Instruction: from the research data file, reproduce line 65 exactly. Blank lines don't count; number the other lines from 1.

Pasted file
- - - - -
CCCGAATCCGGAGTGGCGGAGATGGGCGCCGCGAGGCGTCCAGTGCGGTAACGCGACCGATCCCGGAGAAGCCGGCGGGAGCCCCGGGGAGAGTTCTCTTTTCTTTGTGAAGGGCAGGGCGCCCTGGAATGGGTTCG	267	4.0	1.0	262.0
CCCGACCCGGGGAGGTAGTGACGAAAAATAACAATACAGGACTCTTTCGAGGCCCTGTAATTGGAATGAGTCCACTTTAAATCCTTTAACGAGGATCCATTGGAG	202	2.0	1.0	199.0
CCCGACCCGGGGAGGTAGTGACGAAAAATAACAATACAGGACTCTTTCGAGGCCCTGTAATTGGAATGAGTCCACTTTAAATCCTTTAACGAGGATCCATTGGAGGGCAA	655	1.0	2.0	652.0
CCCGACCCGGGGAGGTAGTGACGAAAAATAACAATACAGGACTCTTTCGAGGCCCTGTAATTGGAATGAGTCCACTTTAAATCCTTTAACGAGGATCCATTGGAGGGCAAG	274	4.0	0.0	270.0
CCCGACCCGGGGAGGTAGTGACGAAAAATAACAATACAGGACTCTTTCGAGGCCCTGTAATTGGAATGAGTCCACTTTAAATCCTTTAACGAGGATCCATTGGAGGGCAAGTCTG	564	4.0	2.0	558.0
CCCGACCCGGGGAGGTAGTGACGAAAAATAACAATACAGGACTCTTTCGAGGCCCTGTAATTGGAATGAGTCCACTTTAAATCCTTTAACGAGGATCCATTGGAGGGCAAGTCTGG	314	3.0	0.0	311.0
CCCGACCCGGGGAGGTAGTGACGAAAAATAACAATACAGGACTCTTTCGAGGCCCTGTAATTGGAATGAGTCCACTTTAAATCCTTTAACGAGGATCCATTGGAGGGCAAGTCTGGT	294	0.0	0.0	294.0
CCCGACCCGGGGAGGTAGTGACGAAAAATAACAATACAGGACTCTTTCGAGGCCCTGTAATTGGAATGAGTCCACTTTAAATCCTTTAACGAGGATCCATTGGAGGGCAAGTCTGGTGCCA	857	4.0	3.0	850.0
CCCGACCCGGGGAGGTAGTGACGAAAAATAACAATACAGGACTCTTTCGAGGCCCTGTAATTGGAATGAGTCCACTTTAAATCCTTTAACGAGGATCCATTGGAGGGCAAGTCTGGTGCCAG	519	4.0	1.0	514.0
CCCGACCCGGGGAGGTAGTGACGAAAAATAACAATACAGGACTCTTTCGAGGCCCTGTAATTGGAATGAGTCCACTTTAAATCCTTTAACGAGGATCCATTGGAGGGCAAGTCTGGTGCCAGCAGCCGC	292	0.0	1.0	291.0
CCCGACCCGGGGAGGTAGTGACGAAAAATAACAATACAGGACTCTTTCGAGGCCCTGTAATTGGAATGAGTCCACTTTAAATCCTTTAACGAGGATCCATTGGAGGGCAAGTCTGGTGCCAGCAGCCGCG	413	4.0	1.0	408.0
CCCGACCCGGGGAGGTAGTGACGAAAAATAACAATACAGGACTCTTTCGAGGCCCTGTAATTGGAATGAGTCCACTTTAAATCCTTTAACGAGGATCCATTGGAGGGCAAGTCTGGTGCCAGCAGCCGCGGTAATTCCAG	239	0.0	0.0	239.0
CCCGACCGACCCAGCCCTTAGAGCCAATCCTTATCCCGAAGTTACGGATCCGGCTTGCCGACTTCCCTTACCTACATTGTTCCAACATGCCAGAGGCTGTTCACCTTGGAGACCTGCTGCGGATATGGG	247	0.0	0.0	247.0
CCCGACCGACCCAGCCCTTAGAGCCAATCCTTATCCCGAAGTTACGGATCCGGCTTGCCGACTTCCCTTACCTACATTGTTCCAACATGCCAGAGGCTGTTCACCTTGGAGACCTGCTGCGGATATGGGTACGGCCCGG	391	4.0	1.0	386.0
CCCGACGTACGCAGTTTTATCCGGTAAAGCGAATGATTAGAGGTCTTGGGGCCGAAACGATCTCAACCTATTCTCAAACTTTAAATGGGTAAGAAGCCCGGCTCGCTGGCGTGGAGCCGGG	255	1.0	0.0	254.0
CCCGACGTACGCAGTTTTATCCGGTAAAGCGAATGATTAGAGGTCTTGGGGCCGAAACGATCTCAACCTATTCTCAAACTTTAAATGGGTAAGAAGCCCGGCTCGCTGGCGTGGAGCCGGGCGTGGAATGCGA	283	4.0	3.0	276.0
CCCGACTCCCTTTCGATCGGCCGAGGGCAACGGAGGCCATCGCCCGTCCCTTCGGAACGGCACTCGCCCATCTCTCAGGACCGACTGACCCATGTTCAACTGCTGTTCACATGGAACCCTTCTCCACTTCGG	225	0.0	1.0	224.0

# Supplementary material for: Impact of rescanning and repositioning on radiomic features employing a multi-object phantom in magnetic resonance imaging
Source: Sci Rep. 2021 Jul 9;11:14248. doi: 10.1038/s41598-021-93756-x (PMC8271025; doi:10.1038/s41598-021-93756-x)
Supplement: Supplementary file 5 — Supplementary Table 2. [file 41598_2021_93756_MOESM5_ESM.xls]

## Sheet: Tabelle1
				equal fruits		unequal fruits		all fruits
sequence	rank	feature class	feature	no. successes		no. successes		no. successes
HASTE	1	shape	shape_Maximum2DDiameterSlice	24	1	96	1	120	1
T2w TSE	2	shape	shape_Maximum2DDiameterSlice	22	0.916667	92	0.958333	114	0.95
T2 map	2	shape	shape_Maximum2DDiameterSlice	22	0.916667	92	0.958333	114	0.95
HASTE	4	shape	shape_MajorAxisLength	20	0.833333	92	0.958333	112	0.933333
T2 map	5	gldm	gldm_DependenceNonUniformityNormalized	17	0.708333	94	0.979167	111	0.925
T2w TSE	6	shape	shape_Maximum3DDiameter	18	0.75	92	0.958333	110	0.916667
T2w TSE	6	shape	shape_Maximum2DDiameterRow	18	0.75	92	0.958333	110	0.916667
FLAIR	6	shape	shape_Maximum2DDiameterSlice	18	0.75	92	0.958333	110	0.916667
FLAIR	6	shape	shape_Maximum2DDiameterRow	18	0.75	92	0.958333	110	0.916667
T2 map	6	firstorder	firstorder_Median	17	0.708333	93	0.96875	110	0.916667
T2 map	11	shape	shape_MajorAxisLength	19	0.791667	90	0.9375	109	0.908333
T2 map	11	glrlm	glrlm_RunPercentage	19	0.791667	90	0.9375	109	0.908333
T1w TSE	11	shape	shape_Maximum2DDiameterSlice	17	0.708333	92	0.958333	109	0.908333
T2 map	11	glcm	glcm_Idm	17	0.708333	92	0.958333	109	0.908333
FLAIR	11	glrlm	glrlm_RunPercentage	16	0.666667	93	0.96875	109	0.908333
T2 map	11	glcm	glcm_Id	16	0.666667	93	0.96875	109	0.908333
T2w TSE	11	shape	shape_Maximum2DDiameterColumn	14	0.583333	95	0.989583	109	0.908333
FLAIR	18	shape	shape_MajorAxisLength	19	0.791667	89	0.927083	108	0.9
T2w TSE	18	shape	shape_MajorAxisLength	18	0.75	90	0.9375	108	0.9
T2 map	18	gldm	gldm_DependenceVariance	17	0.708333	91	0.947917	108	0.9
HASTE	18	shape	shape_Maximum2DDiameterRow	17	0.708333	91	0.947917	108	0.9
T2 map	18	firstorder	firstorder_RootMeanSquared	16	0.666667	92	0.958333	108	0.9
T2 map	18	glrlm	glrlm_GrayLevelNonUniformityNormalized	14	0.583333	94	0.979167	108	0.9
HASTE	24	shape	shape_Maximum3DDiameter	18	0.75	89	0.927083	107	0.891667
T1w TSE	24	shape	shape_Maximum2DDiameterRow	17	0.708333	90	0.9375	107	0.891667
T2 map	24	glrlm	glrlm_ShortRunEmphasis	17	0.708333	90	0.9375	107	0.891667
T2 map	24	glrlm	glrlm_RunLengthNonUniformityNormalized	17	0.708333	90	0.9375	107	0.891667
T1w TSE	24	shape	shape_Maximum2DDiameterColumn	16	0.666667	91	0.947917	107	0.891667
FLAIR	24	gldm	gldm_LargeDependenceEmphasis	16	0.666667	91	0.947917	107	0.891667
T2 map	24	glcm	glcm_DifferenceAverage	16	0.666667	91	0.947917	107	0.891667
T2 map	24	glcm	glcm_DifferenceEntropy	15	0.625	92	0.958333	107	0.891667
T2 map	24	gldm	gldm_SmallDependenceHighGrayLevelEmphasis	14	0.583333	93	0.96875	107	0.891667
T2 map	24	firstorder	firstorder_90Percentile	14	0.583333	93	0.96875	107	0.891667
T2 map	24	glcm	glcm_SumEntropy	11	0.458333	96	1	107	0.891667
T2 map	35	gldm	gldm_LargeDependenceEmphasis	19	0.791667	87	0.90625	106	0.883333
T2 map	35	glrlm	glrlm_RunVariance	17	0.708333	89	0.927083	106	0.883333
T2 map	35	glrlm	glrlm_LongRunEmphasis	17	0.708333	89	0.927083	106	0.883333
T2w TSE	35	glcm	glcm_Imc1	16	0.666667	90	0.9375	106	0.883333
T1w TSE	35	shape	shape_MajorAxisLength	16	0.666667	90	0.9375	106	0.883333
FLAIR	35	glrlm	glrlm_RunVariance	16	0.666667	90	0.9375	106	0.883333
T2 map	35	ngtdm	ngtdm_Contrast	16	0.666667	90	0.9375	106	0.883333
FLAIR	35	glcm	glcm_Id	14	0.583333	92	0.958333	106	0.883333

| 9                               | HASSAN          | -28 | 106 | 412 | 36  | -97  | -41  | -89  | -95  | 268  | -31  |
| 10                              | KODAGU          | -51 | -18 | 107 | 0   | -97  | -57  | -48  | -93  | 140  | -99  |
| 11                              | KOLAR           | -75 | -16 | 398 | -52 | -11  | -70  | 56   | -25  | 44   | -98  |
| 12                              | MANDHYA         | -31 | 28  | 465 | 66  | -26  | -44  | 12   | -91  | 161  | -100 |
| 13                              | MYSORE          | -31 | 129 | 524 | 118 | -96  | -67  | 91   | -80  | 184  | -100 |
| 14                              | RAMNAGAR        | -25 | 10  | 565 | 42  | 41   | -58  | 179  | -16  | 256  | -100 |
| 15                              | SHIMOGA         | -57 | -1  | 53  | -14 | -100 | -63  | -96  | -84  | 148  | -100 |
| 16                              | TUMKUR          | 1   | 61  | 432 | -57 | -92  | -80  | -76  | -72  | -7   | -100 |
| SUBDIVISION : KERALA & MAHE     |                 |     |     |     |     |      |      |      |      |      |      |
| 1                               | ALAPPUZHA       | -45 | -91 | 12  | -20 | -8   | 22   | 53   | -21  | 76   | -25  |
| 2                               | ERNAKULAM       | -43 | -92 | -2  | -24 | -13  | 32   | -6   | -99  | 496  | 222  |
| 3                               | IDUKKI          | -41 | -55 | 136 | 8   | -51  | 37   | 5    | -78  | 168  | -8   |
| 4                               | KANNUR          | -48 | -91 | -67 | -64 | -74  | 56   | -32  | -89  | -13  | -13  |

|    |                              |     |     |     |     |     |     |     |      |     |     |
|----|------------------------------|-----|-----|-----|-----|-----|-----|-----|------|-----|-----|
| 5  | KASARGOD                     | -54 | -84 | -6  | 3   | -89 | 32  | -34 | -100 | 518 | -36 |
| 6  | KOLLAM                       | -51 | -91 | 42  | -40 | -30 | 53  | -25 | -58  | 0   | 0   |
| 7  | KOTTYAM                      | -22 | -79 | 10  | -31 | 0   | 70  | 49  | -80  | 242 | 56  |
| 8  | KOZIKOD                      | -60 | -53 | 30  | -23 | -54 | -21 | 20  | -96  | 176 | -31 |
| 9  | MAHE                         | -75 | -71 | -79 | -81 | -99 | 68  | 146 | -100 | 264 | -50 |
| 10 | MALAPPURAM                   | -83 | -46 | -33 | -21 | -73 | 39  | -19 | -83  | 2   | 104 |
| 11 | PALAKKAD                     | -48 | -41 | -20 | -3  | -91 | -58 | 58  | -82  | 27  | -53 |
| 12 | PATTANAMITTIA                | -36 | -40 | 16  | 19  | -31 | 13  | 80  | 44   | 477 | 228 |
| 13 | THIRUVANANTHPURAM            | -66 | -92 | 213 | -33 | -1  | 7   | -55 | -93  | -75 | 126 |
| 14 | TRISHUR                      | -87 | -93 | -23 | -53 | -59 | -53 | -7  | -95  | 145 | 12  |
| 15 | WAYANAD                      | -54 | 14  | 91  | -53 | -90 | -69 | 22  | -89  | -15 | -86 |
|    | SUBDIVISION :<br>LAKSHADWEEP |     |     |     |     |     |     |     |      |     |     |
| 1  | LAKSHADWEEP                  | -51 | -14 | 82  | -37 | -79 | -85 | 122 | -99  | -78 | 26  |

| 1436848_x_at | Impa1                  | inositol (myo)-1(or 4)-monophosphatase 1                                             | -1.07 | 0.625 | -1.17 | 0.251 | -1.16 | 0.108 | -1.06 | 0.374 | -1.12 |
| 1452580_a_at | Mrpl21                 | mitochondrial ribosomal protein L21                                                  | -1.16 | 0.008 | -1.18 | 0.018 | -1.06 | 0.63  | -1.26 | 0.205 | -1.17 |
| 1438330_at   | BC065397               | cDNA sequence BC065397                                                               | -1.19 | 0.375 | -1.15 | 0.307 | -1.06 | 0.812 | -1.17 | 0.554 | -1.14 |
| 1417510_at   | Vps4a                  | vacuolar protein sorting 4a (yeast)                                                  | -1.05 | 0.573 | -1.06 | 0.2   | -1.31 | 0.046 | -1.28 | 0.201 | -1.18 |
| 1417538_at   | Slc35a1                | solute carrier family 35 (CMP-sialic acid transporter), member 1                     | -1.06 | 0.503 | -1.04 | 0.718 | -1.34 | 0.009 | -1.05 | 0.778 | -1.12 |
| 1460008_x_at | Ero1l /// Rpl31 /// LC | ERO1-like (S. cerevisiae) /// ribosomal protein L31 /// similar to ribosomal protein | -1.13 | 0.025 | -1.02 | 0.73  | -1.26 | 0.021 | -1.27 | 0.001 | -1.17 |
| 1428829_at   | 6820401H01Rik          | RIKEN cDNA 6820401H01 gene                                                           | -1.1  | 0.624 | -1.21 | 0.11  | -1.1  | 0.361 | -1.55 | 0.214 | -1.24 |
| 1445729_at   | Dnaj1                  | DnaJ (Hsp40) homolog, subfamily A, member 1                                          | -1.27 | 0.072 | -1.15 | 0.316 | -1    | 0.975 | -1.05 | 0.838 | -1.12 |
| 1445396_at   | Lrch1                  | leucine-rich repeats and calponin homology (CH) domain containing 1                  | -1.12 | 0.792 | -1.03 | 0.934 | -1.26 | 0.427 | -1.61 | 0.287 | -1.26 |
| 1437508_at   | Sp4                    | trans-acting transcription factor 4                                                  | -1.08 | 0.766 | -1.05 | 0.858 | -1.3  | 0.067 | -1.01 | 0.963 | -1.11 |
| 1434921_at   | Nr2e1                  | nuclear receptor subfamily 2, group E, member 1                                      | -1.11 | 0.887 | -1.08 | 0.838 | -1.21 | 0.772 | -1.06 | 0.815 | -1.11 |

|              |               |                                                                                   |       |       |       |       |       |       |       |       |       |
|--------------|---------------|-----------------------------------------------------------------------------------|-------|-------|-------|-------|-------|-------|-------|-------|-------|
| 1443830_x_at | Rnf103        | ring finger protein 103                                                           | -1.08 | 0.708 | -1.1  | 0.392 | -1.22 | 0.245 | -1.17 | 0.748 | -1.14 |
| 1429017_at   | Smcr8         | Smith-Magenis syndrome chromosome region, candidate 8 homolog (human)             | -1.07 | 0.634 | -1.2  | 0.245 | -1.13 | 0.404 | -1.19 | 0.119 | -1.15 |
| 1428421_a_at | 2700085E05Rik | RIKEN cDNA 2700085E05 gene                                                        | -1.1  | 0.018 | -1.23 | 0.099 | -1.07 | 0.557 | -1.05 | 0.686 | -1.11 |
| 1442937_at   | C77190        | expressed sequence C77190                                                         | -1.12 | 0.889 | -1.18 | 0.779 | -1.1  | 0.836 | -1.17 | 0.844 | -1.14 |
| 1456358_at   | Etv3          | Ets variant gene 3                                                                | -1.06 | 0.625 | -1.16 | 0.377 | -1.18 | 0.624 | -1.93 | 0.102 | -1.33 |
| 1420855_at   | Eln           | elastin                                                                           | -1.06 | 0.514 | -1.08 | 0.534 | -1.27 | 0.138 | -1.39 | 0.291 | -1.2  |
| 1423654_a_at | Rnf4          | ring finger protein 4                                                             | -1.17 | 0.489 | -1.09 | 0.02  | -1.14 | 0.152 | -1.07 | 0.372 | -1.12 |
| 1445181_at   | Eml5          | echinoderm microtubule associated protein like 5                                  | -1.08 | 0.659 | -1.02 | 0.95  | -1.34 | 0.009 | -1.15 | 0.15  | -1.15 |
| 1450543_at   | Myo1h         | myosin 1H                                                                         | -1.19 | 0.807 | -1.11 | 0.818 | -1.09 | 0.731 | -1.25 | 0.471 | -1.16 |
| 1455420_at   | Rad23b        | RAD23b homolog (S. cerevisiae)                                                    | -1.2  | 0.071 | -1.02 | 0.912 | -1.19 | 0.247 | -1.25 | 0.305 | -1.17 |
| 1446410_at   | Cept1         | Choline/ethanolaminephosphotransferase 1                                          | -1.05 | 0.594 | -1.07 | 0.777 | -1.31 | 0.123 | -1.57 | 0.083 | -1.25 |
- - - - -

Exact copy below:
FLAIR	35	glcm	glcm_Id	14	0.583333	92	0.958333	106	0.883333